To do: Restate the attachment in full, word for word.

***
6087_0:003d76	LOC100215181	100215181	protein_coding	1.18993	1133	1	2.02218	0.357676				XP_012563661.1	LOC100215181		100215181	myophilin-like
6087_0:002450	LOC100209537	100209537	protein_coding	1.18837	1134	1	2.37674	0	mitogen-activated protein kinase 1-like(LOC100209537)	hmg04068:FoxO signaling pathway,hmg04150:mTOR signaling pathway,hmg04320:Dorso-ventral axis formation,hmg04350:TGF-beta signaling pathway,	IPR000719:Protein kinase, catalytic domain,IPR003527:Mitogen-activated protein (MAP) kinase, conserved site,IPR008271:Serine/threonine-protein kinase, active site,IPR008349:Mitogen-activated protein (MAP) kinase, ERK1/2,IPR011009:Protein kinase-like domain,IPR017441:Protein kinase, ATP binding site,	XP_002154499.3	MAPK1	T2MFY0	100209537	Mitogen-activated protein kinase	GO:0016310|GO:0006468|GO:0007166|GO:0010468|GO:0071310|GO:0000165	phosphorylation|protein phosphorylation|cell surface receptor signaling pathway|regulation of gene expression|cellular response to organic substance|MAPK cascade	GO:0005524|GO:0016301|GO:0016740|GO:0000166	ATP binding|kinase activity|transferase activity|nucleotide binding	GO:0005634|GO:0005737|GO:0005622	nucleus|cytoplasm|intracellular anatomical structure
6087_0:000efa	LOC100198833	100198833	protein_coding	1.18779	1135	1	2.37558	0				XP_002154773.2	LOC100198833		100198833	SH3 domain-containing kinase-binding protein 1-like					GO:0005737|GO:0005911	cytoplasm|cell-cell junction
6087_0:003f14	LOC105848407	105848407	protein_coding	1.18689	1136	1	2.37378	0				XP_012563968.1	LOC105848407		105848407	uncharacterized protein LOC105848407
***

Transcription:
6087_0:003d76	LOC100215181	100215181	protein_coding	1.18993	1133	1	2.02218	0.357676				XP_012563661.1	LOC100215181		100215181	myophilin-like
6087_0:002450	LOC100209537	100209537	protein_coding	1.18837	1134	1	2.37674	0	mitogen-activated protein kinase 1-like(LOC100209537)	hmg04068:FoxO signaling pathway,hmg04150:mTOR signaling pathway,hmg04320:Dorso-ventral axis formation,hmg04350:TGF-beta signaling pathway,	IPR000719:Protein kinase, catalytic domain,IPR003527:Mitogen-activated protein (MAP) kinase, conserved site,IPR008271:Serine/threonine-protein kinase, active site,IPR008349:Mitogen-activated protein (MAP) kinase, ERK1/2,IPR011009:Protein kinase-like domain,IPR017441:Protein kinase, ATP binding site,	XP_002154499.3	MAPK1	T2MFY0	100209537	Mitogen-activated protein kinase	GO:0016310|GO:0006468|GO:0007166|GO:0010468|GO:0071310|GO:0000165	phosphorylation|protein phosphorylation|cell surface receptor signaling pathway|regulation of gene expression|cellular response to organic substance|MAPK cascade	GO:0005524|GO:0016301|GO:0016740|GO:0000166	ATP binding|kinase activity|transferase activity|nucleotide binding	GO:0005634|GO:0005737|GO:0005622	nucleus|cytoplasm|intracellular anatomical structure
6087_0:000efa	LOC100198833	100198833	protein_coding	1.18779	1135	1	2.37558	0				XP_002154773.2	LOC100198833		100198833	SH3 domain-containing kinase-binding protein 1-like					GO:0005737|GO:0005911	cytoplasm|cell-cell junction
6087_0:003f14	LOC105848407	105848407	protein_coding	1.18689	1136	1	2.37378	0				XP_012563968.1	LOC105848407		105848407	uncharacterized protein LOC105848407